throughout these rural communities. Currently several
additional miles are under construction with usability
planned for 2020 that will connect several neighborhoods.
The original 2004 master plan was updated in 2019 to
include even more connections. For example, planning for
connections with the national East Coast Greenway along
with larger regional and state greenway systems.
Watch this video to learn more about the impact this
program is having throughout rural Granville County.
As a result of more scarce state and federal resources
and increasing grant competition, funding opportunities
are a challenge. Loss of state transportation funding to
match federal grant money placed a larger funding burden
on local governments, specifically smaller and more rural
Also challenging is addressing community backlash
regarding potential crime near trails too close to homes.
Planning is the first important step. This creates focus
and consensus around the concepts of walk- or
bike-ability by multiple community stakeholders and those
looking at the community as a whole to balance the need,
impact, and feasibility of various projects. Even a
less-than-perfect plan is better than no plan at all.
Creating partnerships has also been key to Granville
Greenways' successes. All municipal and local
governments, economic development teams, along with the
Board of Education and parent/teacher organizations, are
represented on the Granville Greenways Advisory Council.
This personalizes the program and aligns it with the
organizations vested in its success.
The original plan also included a diversity workgroup
recommendation to be charged with implementing the
greenway master plan. This formally appointed group has
met regularly since its inception and moved the plan from
theory to trails-on-the-ground. County and municipal
planners have also been essential to the effort.
To address community concerns regarding crime rates near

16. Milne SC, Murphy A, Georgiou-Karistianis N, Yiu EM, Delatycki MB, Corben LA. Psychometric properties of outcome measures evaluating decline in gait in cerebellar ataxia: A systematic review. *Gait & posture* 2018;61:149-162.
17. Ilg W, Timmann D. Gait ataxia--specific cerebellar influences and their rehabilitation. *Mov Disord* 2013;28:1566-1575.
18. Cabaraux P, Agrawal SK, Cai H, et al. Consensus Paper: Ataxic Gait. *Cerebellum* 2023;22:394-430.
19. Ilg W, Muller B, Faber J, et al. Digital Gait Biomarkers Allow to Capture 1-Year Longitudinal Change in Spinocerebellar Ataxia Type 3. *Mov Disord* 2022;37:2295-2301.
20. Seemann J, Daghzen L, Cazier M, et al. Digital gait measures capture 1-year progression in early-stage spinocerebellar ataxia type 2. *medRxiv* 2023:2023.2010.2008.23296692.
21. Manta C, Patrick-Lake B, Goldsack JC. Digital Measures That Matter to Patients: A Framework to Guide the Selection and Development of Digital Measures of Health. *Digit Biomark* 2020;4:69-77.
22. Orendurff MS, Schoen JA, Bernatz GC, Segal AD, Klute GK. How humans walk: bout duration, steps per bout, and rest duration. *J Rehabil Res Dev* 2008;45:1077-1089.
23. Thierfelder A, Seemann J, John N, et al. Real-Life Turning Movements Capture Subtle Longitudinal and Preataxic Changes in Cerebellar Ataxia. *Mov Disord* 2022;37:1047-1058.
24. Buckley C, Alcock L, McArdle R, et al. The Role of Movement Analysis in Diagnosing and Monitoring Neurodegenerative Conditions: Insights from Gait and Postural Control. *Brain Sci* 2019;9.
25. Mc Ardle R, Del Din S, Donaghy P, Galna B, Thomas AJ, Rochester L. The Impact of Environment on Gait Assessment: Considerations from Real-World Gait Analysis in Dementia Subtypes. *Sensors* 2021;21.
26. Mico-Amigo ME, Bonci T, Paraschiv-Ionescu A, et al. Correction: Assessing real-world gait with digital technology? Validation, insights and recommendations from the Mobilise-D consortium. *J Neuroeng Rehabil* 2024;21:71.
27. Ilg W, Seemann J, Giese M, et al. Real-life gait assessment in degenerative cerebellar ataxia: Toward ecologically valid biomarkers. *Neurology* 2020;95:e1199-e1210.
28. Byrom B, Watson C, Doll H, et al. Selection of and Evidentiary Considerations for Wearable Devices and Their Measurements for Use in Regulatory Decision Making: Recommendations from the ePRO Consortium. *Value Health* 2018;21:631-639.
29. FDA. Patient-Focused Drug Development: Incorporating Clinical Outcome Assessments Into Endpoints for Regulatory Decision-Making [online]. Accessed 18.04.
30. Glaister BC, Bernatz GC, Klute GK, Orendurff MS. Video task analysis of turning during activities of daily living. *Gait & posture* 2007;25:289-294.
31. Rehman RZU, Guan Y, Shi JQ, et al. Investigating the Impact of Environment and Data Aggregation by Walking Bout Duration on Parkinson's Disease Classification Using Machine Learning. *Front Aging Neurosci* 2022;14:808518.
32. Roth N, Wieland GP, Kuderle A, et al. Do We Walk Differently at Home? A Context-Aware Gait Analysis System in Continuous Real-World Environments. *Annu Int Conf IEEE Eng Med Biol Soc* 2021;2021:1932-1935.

trails close to homes, crime data is important. This
issue provides opportunity to include community members
in the initial planning as well as discussions about
Don't let lack of funding be a reason not to create this
type of infrastructure. While a professionally written
plan might be ideal, committed local talent can actually
complete the task. An engineer-designed and
professionally constructed trail might be a final goal,
but a "Friends of the Greenways" cleared and promoted
trail could be just the right beginning.
Wellness, health promotion, and disease prevention
December 29, 2015
Date updated or reviewed
March 3, 2020
Suggested citation: Rural Health Information Hub,
Granville Greenways Walkable Community [online]. Rural Health Information Hub. Available at:
[Accessed 17 May 2022]
Please contact the models and innovations contact directly for the most complete and current information
about this program. Summaries of models and innovations are provided by RHIhub for your convenience. The
programs described are not endorsed by RHIhub or by the Federal Office of Rural Health Policy. Each rural
community should consider whether a particular project or approach is a good match for their community’s
needs and capacity. While it is sometimes possible to adapt program components to match your resources, keep
in mind that changes to the program design may impact results.